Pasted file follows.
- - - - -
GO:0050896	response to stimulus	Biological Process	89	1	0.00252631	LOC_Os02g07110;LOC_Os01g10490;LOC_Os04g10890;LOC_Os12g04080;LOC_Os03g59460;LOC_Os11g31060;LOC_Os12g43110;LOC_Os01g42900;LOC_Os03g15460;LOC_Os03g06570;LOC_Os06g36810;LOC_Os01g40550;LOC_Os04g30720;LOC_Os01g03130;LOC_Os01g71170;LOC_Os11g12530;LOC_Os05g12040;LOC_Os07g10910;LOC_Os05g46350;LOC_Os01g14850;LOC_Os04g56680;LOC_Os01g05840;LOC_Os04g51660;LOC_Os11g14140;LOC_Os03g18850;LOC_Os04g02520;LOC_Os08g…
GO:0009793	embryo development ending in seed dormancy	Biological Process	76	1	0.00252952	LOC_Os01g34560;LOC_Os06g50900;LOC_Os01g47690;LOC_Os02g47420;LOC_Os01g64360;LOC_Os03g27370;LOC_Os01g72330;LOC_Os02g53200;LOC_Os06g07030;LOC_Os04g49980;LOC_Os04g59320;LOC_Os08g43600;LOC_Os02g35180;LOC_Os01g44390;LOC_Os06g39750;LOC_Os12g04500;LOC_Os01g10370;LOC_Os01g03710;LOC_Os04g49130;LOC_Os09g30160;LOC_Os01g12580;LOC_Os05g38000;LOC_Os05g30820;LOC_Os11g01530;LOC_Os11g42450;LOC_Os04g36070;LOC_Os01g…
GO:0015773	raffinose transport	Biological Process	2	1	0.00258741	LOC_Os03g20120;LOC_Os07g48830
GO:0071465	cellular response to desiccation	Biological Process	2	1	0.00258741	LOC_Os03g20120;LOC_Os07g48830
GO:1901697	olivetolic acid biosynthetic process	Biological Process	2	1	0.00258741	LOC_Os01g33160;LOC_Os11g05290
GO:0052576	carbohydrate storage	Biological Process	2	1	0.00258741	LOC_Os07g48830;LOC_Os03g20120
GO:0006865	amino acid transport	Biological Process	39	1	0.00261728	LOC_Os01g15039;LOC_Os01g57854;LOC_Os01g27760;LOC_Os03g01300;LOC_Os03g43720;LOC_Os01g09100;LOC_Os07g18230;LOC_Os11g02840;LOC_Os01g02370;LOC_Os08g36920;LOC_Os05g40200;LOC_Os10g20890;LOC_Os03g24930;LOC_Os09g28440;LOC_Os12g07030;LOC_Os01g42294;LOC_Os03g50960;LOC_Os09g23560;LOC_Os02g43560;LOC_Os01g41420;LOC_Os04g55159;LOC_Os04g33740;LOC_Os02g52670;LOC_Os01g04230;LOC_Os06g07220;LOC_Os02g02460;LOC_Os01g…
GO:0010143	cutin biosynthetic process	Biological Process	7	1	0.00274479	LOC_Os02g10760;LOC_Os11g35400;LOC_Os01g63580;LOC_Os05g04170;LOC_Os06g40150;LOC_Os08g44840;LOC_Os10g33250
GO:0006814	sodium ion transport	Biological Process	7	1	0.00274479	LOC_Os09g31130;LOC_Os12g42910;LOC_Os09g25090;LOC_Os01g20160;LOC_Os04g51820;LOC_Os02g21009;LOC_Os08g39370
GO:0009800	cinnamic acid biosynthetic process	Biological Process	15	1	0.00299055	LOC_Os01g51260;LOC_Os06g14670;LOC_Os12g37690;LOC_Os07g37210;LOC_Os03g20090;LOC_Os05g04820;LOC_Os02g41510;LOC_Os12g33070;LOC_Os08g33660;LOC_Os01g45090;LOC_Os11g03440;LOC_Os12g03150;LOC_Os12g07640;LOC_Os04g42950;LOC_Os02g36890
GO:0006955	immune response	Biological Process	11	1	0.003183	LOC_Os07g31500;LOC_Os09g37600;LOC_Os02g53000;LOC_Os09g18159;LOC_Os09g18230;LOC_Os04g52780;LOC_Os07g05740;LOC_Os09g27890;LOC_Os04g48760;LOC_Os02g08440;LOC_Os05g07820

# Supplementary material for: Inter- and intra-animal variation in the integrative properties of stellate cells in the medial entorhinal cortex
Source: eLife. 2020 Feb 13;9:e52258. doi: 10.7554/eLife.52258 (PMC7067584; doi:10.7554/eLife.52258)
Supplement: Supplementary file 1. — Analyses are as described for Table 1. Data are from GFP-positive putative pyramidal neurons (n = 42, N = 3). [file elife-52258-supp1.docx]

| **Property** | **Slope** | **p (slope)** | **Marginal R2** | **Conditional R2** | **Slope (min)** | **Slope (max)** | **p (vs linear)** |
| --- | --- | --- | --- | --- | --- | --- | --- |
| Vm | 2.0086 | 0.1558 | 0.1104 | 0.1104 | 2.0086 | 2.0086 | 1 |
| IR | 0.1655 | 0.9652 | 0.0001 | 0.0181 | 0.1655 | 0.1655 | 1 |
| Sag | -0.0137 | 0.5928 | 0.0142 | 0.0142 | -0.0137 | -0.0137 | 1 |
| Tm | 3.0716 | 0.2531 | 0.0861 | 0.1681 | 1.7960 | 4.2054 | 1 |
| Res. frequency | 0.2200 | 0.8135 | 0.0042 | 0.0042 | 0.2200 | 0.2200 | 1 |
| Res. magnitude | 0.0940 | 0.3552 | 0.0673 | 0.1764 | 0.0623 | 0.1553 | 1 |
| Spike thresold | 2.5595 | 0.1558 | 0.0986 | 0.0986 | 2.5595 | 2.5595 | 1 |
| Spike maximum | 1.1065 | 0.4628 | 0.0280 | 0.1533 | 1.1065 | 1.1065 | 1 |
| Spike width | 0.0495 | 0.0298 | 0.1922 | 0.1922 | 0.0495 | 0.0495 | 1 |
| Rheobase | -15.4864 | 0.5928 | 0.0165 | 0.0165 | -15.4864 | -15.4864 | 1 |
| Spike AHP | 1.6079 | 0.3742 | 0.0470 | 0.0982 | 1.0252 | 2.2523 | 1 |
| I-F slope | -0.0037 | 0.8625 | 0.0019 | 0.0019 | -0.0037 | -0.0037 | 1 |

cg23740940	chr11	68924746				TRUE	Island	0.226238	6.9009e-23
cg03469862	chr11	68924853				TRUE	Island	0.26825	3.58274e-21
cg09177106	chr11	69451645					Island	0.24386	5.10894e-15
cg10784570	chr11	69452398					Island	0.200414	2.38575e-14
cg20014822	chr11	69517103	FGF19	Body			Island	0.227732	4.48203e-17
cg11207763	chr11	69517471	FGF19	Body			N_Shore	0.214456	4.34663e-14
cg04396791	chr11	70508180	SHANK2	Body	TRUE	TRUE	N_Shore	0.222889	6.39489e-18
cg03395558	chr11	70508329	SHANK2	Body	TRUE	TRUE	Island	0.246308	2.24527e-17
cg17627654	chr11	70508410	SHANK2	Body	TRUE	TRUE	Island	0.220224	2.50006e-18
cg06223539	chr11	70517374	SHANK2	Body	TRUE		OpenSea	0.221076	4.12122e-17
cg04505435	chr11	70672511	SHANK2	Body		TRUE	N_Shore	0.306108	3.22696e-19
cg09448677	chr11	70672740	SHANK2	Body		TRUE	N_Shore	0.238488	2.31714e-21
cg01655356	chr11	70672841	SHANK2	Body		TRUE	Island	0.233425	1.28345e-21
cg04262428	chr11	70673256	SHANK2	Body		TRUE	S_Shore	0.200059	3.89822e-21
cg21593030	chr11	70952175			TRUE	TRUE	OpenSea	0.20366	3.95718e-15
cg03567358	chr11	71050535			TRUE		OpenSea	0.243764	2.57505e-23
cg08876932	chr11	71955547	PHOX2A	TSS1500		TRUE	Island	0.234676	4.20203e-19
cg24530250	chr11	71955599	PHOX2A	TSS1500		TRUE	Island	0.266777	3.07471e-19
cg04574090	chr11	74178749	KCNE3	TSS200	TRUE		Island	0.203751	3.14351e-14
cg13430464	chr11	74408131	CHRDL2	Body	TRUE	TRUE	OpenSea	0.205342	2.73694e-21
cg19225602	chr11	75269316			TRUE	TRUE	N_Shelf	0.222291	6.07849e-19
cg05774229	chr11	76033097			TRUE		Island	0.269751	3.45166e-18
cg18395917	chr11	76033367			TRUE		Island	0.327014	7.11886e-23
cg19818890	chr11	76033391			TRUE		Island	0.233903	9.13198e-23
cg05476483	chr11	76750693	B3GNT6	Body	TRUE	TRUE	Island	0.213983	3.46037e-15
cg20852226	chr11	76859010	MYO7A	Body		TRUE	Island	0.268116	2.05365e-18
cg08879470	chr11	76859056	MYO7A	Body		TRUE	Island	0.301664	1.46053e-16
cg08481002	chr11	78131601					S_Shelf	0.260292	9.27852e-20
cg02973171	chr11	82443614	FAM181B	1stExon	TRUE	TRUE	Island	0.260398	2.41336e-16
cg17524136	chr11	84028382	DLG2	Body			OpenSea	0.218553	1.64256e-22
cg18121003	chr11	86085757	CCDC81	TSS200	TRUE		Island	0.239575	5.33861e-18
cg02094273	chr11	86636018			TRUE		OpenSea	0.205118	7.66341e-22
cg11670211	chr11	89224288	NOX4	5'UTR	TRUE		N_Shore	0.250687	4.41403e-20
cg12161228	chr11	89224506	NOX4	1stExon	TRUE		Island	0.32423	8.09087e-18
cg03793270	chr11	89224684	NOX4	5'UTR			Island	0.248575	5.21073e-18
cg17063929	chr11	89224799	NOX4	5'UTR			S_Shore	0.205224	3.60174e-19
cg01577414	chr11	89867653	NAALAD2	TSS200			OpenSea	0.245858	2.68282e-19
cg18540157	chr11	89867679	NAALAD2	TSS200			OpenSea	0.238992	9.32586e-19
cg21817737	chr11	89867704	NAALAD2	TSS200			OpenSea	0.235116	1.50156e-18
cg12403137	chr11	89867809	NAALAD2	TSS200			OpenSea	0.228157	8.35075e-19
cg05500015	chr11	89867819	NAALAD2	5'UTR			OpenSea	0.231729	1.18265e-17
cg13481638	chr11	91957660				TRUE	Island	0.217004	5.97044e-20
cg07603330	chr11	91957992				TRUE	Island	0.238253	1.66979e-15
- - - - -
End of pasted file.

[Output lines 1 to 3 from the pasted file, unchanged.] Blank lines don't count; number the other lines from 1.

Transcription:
GO:0050896	response to stimulus	Biological Process	89	1	0.00252631	LOC_Os02g07110;LOC_Os01g10490;LOC_Os04g10890;LOC_Os12g04080;LOC_Os03g59460;LOC_Os11g31060;LOC_Os12g43110;LOC_Os01g42900;LOC_Os03g15460;LOC_Os03g06570;LOC_Os06g36810;LOC_Os01g40550;LOC_Os04g30720;LOC_Os01g03130;LOC_Os01g71170;LOC_Os11g12530;LOC_Os05g12040;LOC_Os07g10910;LOC_Os05g46350;LOC_Os01g14850;LOC_Os04g56680;LOC_Os01g05840;LOC_Os04g51660;LOC_Os11g14140;LOC_Os03g18850;LOC_Os04g02520;LOC_Os08g…
GO:0009793	embryo development ending in seed dormancy	Biological Process	76	1	0.00252952	LOC_Os01g34560;LOC_Os06g50900;LOC_Os01g47690;LOC_Os02g47420;LOC_Os01g64360;LOC_Os03g27370;LOC_Os01g72330;LOC_Os02g53200;LOC_Os06g07030;LOC_Os04g49980;LOC_Os04g59320;LOC_Os08g43600;LOC_Os02g35180;LOC_Os01g44390;LOC_Os06g39750;LOC_Os12g04500;LOC_Os01g10370;LOC_Os01g03710;LOC_Os04g49130;LOC_Os09g30160;LOC_Os01g12580;LOC_Os05g38000;LOC_Os05g30820;LOC_Os11g01530;LOC_Os11g42450;LOC_Os04g36070;LOC_Os01g…
GO:0015773	raffinose transport	Biological Process	2	1	0.00258741	LOC_Os03g20120;LOC_Os07g48830